Researchers have identified a genomic variant strongly associated with sensitivity to the sun, brown hair, blue eyes and freckles. In the study of Icelanders the researchers uncovered an intricate pathway involving the interspersed DNA sequence, or non-coding region, of a gene that is among a few dozen that are associated with human pigmentation traits. The study by an international team including researchers from the National Institutes of Health was reported in the Nov. 21, 2013, online edition of the journal Cell.
It is more common to find people with ancestors from geographic locations farther from the equator, such as Iceland, who have less pigment in their skin, hair and eyes. People with reduced pigment are more sensitive to the sun, but can more easily draw upon sunlight to generate vitamin D3, a nutrient essential for healthy bones.
The researchers, including scientists from the National Human Genome Research Institute (NHGRI), a part of NIH, analyzed data from a genome-wide association study (GWAS) of 2,230 Icelanders. A GWAS compares hundreds of thousands of common differences across individuals' DNA to see if any of those variants are associated with a known trait.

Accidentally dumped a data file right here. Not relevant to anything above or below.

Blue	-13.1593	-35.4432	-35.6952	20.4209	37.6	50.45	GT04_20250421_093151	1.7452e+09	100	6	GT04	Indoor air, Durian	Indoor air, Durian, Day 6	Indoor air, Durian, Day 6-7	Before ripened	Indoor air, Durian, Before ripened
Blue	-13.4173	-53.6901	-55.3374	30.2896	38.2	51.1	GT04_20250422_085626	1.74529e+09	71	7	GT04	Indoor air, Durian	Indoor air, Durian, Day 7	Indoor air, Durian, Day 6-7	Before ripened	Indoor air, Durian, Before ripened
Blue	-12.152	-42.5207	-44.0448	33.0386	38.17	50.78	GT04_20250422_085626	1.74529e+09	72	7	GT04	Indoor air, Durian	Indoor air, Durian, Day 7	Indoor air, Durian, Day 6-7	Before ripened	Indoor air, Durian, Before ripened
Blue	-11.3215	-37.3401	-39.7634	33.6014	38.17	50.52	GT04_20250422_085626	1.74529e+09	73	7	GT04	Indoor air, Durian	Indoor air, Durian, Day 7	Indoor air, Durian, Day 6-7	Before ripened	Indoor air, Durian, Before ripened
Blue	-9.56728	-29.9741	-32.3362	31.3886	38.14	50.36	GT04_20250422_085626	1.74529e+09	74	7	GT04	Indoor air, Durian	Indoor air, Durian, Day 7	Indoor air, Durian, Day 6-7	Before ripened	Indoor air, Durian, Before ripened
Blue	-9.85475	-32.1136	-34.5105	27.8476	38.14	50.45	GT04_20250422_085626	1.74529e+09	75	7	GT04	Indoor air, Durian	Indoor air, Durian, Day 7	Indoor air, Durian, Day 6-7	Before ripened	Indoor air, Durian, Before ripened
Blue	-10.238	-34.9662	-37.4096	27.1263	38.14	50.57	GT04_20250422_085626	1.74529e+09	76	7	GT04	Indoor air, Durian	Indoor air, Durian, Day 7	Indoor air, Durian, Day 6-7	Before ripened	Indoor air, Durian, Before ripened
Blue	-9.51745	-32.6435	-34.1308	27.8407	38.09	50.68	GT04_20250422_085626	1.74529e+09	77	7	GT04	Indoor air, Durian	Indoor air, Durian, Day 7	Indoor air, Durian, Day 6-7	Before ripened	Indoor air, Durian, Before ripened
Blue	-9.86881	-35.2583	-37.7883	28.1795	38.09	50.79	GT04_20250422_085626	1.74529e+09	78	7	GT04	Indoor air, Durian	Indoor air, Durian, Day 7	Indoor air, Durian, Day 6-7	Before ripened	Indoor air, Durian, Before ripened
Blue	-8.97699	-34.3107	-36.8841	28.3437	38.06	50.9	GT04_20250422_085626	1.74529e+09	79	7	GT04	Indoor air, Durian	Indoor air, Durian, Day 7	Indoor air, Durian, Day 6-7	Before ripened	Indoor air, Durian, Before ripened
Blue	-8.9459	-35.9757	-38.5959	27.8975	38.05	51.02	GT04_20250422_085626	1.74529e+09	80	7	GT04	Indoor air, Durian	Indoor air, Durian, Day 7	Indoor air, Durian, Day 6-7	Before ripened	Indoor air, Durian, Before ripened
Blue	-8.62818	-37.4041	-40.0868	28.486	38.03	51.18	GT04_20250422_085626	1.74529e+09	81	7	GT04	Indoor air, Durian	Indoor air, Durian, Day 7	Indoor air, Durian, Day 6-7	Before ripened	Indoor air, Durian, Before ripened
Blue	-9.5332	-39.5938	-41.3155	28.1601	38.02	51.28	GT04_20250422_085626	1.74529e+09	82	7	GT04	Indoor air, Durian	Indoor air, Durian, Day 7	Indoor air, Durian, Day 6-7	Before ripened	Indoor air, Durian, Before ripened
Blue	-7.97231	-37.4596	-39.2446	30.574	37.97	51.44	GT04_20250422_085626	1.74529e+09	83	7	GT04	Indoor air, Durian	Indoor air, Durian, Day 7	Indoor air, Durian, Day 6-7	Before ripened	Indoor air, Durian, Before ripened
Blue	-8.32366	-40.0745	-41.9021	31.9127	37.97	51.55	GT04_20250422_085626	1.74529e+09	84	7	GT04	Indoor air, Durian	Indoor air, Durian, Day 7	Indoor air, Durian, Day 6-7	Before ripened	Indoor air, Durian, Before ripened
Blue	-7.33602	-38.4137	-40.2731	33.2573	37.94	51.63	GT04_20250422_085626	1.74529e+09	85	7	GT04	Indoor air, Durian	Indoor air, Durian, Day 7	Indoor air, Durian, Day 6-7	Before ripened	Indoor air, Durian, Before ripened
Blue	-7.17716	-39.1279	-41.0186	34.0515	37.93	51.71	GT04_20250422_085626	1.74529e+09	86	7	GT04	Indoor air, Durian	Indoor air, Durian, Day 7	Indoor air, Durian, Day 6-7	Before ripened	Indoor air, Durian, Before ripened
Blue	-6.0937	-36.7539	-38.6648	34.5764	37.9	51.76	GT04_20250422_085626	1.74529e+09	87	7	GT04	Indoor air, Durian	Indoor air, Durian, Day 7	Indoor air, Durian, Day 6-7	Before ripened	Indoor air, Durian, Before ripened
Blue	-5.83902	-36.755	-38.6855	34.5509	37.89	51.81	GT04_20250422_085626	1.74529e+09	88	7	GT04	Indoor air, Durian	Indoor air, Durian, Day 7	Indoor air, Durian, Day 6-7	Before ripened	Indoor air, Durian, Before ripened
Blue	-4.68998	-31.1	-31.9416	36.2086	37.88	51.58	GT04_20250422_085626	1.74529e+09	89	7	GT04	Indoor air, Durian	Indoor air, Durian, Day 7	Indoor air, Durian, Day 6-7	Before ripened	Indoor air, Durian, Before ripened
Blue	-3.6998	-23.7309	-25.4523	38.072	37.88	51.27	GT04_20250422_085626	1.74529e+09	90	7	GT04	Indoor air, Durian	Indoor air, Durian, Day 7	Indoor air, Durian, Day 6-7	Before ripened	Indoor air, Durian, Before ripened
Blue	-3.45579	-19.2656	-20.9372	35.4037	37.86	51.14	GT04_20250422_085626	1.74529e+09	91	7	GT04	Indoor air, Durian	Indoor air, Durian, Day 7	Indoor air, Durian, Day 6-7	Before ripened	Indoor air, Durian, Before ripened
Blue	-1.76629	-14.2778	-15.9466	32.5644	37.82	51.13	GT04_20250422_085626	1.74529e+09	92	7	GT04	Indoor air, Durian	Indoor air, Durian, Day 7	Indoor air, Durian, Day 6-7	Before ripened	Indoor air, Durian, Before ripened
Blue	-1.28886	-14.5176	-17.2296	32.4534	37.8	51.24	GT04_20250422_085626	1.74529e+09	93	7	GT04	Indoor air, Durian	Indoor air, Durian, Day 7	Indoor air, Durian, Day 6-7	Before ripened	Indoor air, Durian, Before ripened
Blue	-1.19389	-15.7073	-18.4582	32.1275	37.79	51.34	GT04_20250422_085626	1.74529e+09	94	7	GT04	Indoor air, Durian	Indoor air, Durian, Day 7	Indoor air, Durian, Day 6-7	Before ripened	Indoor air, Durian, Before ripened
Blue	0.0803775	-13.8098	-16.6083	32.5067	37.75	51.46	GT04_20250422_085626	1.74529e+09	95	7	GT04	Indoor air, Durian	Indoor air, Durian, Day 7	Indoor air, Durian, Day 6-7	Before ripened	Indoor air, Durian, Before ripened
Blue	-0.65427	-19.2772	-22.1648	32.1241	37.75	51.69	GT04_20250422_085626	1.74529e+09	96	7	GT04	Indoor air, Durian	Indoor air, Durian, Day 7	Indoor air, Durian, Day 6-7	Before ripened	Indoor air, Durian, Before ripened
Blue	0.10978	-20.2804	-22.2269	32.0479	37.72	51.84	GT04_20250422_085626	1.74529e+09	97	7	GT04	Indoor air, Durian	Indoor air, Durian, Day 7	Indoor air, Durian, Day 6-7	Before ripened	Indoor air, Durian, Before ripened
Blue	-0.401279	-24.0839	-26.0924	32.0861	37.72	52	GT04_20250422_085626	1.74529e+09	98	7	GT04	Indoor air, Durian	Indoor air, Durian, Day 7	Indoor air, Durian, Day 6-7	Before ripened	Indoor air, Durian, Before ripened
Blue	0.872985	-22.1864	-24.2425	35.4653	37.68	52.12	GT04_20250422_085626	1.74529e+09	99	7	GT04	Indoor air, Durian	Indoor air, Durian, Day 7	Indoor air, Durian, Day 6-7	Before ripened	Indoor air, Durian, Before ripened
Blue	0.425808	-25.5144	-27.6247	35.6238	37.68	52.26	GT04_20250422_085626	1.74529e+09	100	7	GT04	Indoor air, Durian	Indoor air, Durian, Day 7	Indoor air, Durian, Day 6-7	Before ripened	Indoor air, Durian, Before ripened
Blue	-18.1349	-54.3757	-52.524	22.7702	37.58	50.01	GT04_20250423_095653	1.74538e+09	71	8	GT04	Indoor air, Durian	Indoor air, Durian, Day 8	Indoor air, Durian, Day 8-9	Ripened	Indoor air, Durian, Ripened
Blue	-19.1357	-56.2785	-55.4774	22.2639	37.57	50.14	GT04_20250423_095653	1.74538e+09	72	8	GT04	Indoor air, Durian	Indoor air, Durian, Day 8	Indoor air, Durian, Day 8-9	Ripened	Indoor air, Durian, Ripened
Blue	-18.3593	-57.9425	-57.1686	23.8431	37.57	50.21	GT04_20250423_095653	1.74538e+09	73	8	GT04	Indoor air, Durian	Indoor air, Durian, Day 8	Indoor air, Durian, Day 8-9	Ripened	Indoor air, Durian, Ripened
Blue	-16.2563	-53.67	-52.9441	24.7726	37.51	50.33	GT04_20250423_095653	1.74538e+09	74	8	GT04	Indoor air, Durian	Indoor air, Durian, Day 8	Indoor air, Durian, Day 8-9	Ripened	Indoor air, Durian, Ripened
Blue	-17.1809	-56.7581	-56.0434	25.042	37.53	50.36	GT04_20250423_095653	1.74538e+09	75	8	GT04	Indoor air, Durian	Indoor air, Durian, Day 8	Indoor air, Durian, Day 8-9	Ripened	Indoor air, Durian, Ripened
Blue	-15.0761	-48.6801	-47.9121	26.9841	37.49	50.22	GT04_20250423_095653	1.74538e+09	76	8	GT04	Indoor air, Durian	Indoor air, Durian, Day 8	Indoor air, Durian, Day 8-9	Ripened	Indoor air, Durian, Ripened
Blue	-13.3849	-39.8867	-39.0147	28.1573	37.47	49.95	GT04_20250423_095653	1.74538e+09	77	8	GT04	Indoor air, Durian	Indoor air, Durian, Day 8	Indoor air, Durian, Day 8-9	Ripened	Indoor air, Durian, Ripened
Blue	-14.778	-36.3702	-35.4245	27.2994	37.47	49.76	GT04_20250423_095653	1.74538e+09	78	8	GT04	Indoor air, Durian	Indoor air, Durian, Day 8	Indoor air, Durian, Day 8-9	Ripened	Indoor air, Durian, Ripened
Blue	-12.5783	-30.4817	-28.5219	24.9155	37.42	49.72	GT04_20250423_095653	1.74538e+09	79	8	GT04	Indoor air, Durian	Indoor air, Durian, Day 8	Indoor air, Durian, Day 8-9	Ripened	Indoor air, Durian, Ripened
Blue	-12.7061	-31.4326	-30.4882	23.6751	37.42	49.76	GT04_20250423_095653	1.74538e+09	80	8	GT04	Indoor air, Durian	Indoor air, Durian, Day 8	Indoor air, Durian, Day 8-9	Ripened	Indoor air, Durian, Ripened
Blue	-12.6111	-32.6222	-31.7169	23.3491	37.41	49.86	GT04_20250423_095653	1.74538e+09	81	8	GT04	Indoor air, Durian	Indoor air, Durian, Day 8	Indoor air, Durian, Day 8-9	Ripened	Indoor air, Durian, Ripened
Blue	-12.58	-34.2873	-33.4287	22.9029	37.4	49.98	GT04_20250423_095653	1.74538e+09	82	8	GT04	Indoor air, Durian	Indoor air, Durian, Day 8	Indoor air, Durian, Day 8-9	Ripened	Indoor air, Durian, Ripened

"Genes involved in skin pigmentation also have important roles in human health and disease," said NHGRI Scientific Director Dan Kastner, M.D., Ph.D. "This study explains a complex molecular pathway that may also contribute insights into skin diseases, such as melanoma, which is caused by the interaction of genetic susceptibility with environmental factors."
The GWAS led the researchers to focus on the interferon regulatory factor 4 (IRF4) gene, previously associated with immunity. IRF4 makes a protein that spurs production of interferons, proteins that fight off viruses or harmful bacteria. The researchers noted from genomic databases that the IRF4 gene is expressed at high levels only in lymphocytes, a type of white blood cell important in th
|Contact: Raymond MacDougall|
NIH/National Human Genome Research Institute